FSAI releases new guidance for labelling of gin and gin products
18 June 2020 | 0
The Food Safety Authority of Ireland (FSAI) has published new guidance on marketing terms used to advertise or promote gin and gin products.
The guidance was developed to provide greater clarity for the industry to ensure that products are not mislabelled or marketed in such a way as to mislead consumers. It outlines precisely what is required to ensure that gin produced in Ireland is labelled correctly, in line with legislative requirements.
This is part of the FSAI’s role in providing advice to food businesses regarding food law compliance, in order to safeguard consumers’ health and interests. It has similar guidance for the labelling of Irish whiskey.
According to Dr Pamela Byrne, chief executive, FSAI, the new guidance was produced to ensure that the industry clearly understands its legal responsibility and complies with the EU regulations governing their labelling.
“The gin guidance encompasses everything from the use of place names in sales terms; to the listing of allergen information; to the packaging material used and it is hoped that it will help producers in complying with the regulations,” said Dr Pamela Byrne, chief executive, FSAI.
“While gin is defined in the legislation as a ‘juniper-flavoured’ spirit drink produced by flavouring ethyl alcohol of agricultural origin with juniper berries, a ‘juniper flavoured spirit drink’ is a separate spirit drink, which is produced by flavouring ethyl alcohol of agricultural origin or grain spirit or grain distillate or a combination thereof with juniper berries. The minimum alcoholic strength by volume of a juniper-flavoured spirit drink is 30%, while the minimum alcoholic strength of a gin is 37.5%.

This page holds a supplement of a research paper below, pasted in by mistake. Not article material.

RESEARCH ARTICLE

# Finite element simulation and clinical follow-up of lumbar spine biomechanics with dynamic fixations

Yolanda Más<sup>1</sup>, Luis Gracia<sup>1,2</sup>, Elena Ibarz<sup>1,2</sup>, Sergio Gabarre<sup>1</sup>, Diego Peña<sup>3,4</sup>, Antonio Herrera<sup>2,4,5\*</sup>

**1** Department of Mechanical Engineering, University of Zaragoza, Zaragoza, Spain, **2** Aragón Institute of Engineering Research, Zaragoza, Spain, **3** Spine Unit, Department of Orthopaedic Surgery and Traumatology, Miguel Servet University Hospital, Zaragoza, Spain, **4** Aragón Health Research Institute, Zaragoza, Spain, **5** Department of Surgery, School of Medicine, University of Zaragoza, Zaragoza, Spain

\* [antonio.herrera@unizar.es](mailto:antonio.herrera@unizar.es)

“Therefore, it is important to remember that these ‘juniper-flavoured spirit drinks’ cannot be labelled as ‘gin’. Similarly, the use of the word ‘distilled’ must be used carefully as prescribed in the guidance, as must geographical descriptors,” said Dr Byrne.
“The size of the gin industry in Ireland has expanded exponentially in recent years,” adds Dr Bryne, “with more than 30% growth in sales in some years and around 50 brands are produced in Ireland. While it is natural that marketing specialists will use every means at their disposal to gain a competitive edge over their rivals, this must not be achieved at the expense of consumers’ trust.
“Food law is in place to ensure that consumers are not misled by any claims on food or drinks. We hope that our guidance will assist the industry to comply with the complex legislation in this area, so that consumers can be confident that the gin produced in Ireland is accurately and truthfully described on the label or in associated marketing materials.”
The guidance is available on www.fsai.ie